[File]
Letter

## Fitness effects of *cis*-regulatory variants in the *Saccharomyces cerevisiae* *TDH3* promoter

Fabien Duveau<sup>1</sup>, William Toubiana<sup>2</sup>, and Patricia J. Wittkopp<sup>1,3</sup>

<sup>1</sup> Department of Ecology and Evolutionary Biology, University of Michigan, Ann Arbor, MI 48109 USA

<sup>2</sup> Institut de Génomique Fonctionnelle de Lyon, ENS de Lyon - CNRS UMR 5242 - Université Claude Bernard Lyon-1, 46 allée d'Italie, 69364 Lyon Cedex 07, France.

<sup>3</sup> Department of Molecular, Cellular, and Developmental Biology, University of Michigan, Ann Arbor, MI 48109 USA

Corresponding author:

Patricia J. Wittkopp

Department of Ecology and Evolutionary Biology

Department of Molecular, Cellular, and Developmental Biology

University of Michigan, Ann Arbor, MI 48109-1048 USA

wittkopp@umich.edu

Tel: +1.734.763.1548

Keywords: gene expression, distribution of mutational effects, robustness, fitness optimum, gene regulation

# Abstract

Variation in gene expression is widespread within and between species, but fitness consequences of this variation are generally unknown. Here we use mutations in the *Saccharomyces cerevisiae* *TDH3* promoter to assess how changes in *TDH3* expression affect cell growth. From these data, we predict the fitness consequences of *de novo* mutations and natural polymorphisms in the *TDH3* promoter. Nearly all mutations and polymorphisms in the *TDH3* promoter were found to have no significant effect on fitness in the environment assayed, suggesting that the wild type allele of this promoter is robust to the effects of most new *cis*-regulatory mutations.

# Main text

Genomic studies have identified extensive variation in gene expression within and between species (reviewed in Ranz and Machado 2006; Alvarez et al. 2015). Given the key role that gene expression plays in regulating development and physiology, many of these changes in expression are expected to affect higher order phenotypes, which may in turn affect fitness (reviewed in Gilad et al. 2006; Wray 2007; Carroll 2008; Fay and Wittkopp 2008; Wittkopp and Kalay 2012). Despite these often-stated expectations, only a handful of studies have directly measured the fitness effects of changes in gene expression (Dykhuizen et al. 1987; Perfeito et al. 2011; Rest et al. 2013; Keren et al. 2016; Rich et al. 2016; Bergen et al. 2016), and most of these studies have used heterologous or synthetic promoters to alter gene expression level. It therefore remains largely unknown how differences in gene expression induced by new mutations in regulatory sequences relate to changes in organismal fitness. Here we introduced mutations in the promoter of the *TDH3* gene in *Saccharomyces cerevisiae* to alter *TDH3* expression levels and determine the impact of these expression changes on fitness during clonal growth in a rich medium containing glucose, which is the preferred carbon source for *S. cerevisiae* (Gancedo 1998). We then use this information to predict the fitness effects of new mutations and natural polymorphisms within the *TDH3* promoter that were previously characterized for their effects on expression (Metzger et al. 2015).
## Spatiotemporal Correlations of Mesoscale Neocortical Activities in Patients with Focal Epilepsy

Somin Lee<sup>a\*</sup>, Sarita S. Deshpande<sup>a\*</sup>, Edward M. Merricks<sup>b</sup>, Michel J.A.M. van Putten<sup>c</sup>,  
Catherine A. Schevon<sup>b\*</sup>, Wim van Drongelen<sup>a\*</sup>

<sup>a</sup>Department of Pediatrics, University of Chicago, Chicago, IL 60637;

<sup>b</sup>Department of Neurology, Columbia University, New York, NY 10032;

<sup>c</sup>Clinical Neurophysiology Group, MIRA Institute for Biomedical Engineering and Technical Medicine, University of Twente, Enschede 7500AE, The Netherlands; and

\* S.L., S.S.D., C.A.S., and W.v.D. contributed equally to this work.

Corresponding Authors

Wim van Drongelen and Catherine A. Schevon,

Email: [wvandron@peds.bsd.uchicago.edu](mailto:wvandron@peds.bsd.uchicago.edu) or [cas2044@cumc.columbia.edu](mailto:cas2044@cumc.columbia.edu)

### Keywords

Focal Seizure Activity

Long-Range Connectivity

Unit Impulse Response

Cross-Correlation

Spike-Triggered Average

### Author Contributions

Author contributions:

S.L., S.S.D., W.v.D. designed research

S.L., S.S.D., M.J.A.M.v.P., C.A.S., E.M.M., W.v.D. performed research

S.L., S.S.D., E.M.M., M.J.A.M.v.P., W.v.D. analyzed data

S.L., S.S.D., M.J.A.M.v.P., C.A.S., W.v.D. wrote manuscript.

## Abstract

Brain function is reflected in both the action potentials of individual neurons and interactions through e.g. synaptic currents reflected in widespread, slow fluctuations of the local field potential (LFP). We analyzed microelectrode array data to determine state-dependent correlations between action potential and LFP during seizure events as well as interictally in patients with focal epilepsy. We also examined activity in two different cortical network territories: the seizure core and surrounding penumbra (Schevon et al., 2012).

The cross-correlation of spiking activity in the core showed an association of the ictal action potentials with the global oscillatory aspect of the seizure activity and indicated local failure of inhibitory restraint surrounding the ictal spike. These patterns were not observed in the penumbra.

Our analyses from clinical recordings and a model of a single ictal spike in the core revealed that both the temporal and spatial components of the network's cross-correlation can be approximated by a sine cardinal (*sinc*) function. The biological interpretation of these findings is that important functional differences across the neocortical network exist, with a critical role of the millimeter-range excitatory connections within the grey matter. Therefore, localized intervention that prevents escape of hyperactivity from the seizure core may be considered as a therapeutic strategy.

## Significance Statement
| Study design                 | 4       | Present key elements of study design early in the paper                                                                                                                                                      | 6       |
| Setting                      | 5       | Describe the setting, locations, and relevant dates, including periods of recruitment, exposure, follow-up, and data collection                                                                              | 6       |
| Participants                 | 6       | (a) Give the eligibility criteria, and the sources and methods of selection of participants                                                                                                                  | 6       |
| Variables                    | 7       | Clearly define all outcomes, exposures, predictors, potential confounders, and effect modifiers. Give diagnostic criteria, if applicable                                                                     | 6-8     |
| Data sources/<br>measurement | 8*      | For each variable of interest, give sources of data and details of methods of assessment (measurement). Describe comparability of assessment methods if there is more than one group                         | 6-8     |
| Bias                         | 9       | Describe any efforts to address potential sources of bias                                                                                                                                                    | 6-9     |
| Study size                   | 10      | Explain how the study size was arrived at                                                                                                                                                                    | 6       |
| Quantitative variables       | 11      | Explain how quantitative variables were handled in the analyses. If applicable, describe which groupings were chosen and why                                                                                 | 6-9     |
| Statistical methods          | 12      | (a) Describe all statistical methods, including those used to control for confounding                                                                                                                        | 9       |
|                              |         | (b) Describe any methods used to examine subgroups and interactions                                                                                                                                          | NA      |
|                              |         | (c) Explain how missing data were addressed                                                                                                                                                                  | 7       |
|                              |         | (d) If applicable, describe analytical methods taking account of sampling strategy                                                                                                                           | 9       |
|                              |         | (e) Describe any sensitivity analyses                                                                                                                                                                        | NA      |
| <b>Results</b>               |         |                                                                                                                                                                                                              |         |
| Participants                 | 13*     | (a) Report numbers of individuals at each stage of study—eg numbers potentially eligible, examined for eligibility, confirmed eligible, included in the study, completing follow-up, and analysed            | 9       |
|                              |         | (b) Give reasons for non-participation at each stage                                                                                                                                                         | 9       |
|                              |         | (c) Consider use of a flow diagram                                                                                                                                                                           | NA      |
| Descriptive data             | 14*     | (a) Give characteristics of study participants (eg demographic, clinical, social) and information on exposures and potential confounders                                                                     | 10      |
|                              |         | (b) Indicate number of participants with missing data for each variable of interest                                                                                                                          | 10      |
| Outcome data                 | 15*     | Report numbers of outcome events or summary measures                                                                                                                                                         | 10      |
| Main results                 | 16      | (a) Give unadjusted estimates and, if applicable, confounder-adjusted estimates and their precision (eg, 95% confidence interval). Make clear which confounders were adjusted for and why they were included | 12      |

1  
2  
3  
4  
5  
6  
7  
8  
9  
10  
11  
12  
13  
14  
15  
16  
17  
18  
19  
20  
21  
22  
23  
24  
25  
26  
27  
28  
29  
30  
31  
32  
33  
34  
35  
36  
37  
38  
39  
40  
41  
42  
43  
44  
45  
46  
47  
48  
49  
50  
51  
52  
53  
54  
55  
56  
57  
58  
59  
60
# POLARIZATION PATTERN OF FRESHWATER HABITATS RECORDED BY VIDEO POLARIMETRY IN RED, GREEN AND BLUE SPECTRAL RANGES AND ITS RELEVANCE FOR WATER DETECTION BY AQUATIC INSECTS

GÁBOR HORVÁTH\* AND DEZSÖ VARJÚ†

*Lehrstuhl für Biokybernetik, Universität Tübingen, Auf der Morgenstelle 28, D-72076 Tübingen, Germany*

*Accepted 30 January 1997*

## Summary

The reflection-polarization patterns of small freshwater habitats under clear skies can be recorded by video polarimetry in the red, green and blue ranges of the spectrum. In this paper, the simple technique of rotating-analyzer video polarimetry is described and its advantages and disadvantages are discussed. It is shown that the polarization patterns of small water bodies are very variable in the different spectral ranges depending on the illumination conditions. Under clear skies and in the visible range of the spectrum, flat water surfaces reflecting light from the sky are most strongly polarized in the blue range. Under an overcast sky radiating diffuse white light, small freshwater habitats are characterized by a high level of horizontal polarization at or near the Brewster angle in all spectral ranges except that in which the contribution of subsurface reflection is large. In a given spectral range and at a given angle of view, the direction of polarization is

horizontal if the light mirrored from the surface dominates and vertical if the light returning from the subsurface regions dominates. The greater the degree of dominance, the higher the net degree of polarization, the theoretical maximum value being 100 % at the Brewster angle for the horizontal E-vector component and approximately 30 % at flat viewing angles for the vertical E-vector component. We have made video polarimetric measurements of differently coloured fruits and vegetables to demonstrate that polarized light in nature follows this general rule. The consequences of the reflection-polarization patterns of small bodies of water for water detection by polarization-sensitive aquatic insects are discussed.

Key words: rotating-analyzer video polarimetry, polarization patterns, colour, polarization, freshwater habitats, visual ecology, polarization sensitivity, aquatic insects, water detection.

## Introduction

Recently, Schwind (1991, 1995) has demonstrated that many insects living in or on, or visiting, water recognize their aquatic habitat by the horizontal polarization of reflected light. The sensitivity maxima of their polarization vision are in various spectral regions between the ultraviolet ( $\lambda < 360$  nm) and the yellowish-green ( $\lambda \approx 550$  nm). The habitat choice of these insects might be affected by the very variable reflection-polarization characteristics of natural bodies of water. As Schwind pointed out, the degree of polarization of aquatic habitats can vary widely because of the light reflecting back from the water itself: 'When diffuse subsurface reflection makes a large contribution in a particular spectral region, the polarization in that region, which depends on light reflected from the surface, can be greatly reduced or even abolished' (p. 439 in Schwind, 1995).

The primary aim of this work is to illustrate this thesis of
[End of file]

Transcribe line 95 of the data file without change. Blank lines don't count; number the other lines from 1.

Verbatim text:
29  